Reluctant Townie: Not discussing Zimmerman - much
I was going to write a column about the George Zimmerman verdict, but pretty much everyone on Earth already published their opinions about it (be it by Twitter, Facebook or Anonymous Internet Comments) — and very little of those opinions are based on the facts and realities of the case.
Most are knee-jerk reactions filtered through the prism of race, and people seem more invested in seeing Zimmerman and Trayvon Martin as archetypes (the Overzealous/Persecuted White Man; the Angelic Victim/Delinquent Aggressor) rather than see them as fallible human beings who fall somewhere in between on the spectrum.
I had nothing new to add to the conversation. I didn't know either party before the incident, nor was I witness to the confrontation, so I can only pontificate on regurgitated, third-party information.
The basic gist of what I had to say was that I do not believe Zimmerman is racist (after all, Zimmerman is himself biracial and showed no outward signs of harboring racist hatred), but that his ingrained racial biases ultimately played a major role in the death of Martin.
If Zimmerman had seen a young Asian or white teenager in a hooded sweatshirt wandering through his gated neighborhood, would he have called 911? We will never know for sure. But my gut tells me that things would have resolved differently.
Had Zimmerman not found Martin "suspicious" and chose to follow him, the chain of events that led to Martin's death would not have occurred. Zimmerman would not have then had the opportunity to ignore the 911 dispatcher and leave his vehicle to pursue Martin on foot, a decision that ultimately led to the fatal confrontation.
In that respect, Zimmerman is solely responsible for the death of Martin. And if you cannot agree with that, then you are refusing the reality of the situation.
Zimmerman did not premeditate a murder, but he willingly instigated a chain of events that led to a physical confrontation, and during that physical confrontation (when, according to Zimmerman's own statements, he lost the upper hand and became pinned underneath Martin) he panicked, reached for his gun and shot an unarmed assailant.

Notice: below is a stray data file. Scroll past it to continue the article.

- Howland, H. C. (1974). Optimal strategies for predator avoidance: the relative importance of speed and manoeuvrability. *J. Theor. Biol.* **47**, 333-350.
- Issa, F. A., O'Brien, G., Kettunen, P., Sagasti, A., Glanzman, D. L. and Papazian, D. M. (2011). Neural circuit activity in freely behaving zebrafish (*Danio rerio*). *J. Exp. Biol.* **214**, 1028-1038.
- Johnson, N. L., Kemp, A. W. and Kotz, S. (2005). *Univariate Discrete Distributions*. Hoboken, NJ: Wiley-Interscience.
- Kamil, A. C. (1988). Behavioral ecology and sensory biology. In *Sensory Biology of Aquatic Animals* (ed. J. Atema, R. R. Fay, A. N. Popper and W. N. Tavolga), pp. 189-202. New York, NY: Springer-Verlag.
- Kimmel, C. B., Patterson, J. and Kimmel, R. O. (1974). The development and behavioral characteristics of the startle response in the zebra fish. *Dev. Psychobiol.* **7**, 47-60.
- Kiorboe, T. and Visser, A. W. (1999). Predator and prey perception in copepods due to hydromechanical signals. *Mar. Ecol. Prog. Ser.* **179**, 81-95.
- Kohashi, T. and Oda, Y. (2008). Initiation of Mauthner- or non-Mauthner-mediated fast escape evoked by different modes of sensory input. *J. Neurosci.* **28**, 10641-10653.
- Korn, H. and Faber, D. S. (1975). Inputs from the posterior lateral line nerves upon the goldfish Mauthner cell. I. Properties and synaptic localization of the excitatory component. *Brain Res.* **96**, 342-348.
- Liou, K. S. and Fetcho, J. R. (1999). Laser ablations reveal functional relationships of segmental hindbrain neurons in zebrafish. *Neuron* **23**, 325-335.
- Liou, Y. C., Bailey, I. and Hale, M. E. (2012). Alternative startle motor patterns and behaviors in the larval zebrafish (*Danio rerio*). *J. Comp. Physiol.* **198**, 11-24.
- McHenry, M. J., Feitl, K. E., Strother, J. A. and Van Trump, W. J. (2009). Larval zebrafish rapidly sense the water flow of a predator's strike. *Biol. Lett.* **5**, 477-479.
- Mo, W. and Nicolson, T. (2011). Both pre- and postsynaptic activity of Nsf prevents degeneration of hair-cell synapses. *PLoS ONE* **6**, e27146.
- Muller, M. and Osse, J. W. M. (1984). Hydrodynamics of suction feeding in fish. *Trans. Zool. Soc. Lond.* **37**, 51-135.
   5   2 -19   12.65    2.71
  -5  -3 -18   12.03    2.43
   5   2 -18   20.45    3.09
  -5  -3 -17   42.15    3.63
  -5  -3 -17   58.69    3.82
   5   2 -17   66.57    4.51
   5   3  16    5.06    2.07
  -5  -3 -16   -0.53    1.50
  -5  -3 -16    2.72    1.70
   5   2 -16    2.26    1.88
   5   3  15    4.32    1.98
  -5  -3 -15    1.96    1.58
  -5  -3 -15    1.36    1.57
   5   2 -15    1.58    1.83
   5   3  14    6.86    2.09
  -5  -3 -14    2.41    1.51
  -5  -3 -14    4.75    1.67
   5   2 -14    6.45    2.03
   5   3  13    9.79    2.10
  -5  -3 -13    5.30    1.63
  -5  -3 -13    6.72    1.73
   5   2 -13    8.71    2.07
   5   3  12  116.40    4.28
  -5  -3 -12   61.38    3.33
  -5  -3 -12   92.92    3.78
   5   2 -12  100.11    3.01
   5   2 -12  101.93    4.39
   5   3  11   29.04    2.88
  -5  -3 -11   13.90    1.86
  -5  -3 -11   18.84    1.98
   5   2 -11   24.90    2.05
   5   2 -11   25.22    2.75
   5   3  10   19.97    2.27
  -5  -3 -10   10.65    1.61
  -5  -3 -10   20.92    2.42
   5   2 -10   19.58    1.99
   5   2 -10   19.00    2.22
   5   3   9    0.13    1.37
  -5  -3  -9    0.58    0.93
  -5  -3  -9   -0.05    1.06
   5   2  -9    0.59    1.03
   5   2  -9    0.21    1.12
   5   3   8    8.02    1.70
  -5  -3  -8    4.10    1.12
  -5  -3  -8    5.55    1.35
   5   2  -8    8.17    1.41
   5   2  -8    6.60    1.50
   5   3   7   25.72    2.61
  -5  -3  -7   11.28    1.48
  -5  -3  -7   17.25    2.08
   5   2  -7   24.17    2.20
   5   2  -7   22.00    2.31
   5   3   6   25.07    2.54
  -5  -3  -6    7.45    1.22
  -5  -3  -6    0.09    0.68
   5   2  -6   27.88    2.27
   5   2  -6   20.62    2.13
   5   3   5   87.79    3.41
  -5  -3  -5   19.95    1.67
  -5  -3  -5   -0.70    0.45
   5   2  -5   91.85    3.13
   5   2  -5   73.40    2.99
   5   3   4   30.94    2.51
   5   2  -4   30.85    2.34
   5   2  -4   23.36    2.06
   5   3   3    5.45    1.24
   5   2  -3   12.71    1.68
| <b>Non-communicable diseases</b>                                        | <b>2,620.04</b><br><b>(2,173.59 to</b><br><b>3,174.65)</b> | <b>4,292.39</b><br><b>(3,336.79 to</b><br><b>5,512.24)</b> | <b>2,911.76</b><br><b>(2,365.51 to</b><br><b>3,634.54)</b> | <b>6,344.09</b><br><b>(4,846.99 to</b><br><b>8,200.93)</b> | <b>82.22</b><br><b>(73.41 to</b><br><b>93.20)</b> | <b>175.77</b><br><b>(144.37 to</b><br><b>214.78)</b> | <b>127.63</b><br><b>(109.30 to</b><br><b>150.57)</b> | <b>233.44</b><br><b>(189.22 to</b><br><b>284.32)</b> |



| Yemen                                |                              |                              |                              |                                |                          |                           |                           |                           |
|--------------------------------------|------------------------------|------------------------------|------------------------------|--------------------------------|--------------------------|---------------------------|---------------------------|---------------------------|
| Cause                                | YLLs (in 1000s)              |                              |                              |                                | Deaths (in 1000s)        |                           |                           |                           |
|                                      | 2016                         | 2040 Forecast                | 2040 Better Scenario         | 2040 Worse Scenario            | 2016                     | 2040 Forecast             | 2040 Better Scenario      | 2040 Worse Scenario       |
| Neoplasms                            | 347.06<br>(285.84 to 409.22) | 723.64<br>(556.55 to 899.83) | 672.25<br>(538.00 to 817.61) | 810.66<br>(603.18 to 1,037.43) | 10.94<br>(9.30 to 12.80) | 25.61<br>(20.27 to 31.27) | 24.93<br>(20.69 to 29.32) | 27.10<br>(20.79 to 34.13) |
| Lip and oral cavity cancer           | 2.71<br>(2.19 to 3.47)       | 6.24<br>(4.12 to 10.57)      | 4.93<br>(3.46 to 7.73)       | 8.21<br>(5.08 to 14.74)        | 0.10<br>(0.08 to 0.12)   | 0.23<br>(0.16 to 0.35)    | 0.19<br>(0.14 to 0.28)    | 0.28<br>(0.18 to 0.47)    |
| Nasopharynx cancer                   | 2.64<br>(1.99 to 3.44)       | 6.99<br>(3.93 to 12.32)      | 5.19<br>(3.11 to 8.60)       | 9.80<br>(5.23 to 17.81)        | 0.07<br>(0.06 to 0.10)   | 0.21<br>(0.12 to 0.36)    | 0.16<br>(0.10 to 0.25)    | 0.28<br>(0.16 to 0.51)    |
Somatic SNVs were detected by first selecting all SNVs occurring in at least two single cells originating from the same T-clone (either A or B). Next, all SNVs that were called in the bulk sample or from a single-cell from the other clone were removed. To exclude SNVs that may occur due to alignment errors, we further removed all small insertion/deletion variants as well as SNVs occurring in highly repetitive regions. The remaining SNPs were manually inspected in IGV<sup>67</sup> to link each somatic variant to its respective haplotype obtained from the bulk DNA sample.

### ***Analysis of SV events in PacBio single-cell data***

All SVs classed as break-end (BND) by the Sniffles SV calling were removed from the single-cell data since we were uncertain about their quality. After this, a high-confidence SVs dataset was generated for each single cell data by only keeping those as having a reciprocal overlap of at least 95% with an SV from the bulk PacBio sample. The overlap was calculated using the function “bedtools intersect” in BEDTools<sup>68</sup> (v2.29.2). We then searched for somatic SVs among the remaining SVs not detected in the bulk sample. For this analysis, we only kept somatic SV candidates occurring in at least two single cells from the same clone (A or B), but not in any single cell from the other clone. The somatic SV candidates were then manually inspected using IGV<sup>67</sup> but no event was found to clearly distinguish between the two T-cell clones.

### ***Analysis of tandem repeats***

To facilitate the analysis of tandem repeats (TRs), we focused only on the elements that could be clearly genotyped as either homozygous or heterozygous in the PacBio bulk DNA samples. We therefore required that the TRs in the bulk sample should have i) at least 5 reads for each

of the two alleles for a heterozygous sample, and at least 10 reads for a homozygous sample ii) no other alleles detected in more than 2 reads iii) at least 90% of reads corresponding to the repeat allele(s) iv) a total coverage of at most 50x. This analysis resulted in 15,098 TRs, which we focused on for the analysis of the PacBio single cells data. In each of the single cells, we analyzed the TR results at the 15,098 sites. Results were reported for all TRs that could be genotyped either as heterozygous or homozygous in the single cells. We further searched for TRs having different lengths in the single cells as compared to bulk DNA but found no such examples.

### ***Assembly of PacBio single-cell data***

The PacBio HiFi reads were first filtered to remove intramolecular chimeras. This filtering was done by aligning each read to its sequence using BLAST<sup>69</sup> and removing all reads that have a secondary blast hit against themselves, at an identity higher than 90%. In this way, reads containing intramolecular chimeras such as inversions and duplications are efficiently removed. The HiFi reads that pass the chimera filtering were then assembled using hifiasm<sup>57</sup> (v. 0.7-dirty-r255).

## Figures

Because of this, I am astounded that anyone offers moral backing for Zimmerman. Why does he deserve your support? He might not be the racist vigilante that some have painted him, but his actions are those of a coward. At the time of the confrontation, Zimmerman weighed 100 pounds more than his victim. It wasn't even a fair fight to begin with: Zimmerman had a weight advantage, and he also brought a deadly weapon.
The night Martin was killed, the only objects in his possession were a can of sweet tea and a bag of Skittles. Unless he was planning to inflict diabetes upon Zimmerman, he had no threatening means of extermination.
Why then has a segment of White America chosen to support Zimmerman with impassioned Facebook posts and Twitter blasts? What about his actions are heroic to anyone?
Zimmerman was overstepping his duties as a citizen when he exited his car and followed Martin — it takes very little imagination to see him being motivated by the juvenile thrill of playing "Cops and Robbers" — and as such, he is responsible for all of the events that resulted.
I believe that Zimmerman should have been convicted on manslaughter charges. I think that he overreacted in defending himself, and some consideration must be made for the fact that he instigated the events. A manslaughter conviction would have also gone a long way toward smoothing out inflamed racial tensions — although that is not an acceptable reason to bend the word of law.
I cannot blame Martin's parents for wanting blood — if he had been my son, I would literally have wanted Zimmerman's head on a pike.
But in a way, Zimmerman received an even harsher sentence: a lifetime of glancing over his shoulder, waiting for the worst to materialize. The rest of his life will be the last scene of "The Sopranos" looped ad infinitum.
For the majority, whites and blacks appear to be aligning themselves along racial lines in support of Martin and Zimmerman — which is a shame. Instead of taking sides, we could be using this time to talk openly and honestly about our inherent racial biases (we all have them) and trying to overcome them.
The truth is that American media (meaning ALL the media: music, movies, television; not the capital-M "Media" of whatever 24-hour news station you disagree with politically) does a really good job of offering up images of young black males as thugs and criminals, but does a really poor job of showing young black males like Martin doing anything else.
Over time, that has a cumulative effect.
But anyway, I decided not to write anything about the Zimmerman verdict this week. I doubt it would have made any difference if I had: just more noise in the echo chamber.
Ryan Jackson hopes he lives long enough to see things change between us — brothers and sisters that we all are — and he can be reached at firstname.lastname@example.org.